Despite the likelihood that psychosocial and behavioral characteristics may be important determinants of compliance, few rigorous studies have defined the impact of these features on adherence; those that have been conducted have produced inconsistent results. The variable receiving the most attention has been patients' health beliefs, including their perceptions of the threat posed by the condition, the effectiveness of treatments, and the importance of complying with therapy.17–19 Other psychosocial variables thought to influence antihypertensive medication adherence include: knowledge of hypertension and its treatment14,20; social support21,22; satisfaction with health care10,23,24; and the locus of control (i.e., the degree to which a patient feels that control over their circumstances is internal or external).25 Behaviors that have been examined and related to compliance with blood pressure medication have included use of alcohol or substances2,26 and smoking.14 The effect of psychopathology on compliance with medications for other cardiovascular conditions has been considered, but rigorous study of such relationships has been limited.27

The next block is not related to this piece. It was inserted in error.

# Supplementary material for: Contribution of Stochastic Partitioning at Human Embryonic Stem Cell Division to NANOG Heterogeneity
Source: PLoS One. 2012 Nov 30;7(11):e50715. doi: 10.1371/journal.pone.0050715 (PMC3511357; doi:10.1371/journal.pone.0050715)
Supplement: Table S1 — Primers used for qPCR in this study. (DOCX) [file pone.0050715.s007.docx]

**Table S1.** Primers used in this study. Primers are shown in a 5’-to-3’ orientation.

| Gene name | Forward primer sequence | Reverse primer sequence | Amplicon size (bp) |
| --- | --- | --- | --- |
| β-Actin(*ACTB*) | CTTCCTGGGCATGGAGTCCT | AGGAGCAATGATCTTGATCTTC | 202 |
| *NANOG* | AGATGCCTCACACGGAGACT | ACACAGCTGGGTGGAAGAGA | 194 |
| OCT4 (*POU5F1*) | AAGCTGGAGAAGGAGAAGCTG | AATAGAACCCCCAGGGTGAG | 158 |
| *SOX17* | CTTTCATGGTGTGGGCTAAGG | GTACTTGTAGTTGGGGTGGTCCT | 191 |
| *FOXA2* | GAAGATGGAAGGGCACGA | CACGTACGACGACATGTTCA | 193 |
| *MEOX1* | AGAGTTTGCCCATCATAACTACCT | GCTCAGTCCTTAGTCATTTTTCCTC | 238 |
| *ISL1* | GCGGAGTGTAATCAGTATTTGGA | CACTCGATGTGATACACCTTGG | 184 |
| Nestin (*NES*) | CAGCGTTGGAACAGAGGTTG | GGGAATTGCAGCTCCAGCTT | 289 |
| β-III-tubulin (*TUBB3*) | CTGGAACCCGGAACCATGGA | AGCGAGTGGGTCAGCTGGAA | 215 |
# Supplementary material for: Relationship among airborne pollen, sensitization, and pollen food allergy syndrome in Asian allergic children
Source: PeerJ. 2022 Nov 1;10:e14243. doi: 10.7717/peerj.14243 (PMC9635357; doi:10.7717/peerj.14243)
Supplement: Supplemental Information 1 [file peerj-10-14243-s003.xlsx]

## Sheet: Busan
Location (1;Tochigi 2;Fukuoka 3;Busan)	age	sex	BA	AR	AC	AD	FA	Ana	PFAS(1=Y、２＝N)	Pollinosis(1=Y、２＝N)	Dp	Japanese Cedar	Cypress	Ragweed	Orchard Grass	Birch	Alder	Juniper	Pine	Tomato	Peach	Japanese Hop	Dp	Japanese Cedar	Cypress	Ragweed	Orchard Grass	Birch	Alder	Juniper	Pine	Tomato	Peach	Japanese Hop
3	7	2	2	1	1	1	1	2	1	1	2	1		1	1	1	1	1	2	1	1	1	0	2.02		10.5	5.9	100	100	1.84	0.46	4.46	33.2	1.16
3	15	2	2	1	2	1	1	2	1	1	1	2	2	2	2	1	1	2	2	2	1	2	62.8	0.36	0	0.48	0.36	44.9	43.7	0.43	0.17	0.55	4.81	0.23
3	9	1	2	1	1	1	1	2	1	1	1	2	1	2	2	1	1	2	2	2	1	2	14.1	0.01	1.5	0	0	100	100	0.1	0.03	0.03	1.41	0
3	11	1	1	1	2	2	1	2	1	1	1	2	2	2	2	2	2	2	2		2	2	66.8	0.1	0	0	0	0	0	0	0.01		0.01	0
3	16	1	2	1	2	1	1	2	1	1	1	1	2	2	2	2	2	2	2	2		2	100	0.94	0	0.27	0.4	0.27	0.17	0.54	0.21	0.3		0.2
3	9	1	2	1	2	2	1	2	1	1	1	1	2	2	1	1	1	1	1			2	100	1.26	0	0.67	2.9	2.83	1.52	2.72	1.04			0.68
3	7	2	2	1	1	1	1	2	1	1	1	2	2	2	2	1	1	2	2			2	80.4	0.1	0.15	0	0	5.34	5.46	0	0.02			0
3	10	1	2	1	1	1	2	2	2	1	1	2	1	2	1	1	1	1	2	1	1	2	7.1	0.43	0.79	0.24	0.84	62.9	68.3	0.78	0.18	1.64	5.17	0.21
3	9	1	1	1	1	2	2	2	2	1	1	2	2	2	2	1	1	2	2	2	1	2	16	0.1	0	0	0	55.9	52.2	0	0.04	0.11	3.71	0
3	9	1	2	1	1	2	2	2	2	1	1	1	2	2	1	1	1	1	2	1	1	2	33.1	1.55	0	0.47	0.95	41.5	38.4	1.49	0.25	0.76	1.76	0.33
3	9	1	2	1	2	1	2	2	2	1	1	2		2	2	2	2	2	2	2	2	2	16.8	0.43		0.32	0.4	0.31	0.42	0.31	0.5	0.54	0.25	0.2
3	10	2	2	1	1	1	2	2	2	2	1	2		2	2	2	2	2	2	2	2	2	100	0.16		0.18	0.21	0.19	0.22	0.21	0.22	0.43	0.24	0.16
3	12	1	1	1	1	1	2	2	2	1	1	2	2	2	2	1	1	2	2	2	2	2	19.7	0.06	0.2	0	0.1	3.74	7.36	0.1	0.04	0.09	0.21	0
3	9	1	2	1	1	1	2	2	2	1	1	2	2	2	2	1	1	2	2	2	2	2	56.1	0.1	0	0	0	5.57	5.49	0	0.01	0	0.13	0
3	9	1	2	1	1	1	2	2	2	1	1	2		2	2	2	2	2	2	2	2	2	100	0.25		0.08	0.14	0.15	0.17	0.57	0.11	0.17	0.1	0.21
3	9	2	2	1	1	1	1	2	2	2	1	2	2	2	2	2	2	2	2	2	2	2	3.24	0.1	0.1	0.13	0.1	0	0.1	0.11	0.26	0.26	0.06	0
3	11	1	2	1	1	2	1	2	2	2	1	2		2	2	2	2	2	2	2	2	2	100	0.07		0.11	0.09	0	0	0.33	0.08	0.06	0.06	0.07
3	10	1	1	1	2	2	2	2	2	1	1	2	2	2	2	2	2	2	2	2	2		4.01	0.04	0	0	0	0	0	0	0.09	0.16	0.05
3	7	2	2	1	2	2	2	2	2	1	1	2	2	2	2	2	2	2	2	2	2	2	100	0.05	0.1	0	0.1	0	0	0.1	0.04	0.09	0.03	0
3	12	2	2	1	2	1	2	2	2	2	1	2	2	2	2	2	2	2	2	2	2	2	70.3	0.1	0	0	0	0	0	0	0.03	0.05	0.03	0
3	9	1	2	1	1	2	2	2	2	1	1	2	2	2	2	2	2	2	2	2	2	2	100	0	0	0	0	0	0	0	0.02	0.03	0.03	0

Unfortunately, few studies of the relationships between psychosocial factors and compliance with antihypertensives have been adequately powered, simultaneously adjusted for other determinants of compliance, or conducted in typical clinical populations; and few have used precise assessments of compliance. Therefore, in the current study, we employed typical outpatient populations and an objective measure of compliance to test the hypothesis that believing in the importance of treating hypertension, possessing greater knowledge, having more social support, being more satisfied, having a more external locus of control, responding in a more socially desirable manner, having fewer depressive symptoms, and consuming less alcohol or tobacco would all be associated with greater compliance with antihypertensive medications. Although our hypothesis was limited to the independent effects on compliance of these understudied psychosocial and behavioral variables, we also considered it essential to adjust for more established determinants including demographic, clinical, and health care utilization variables.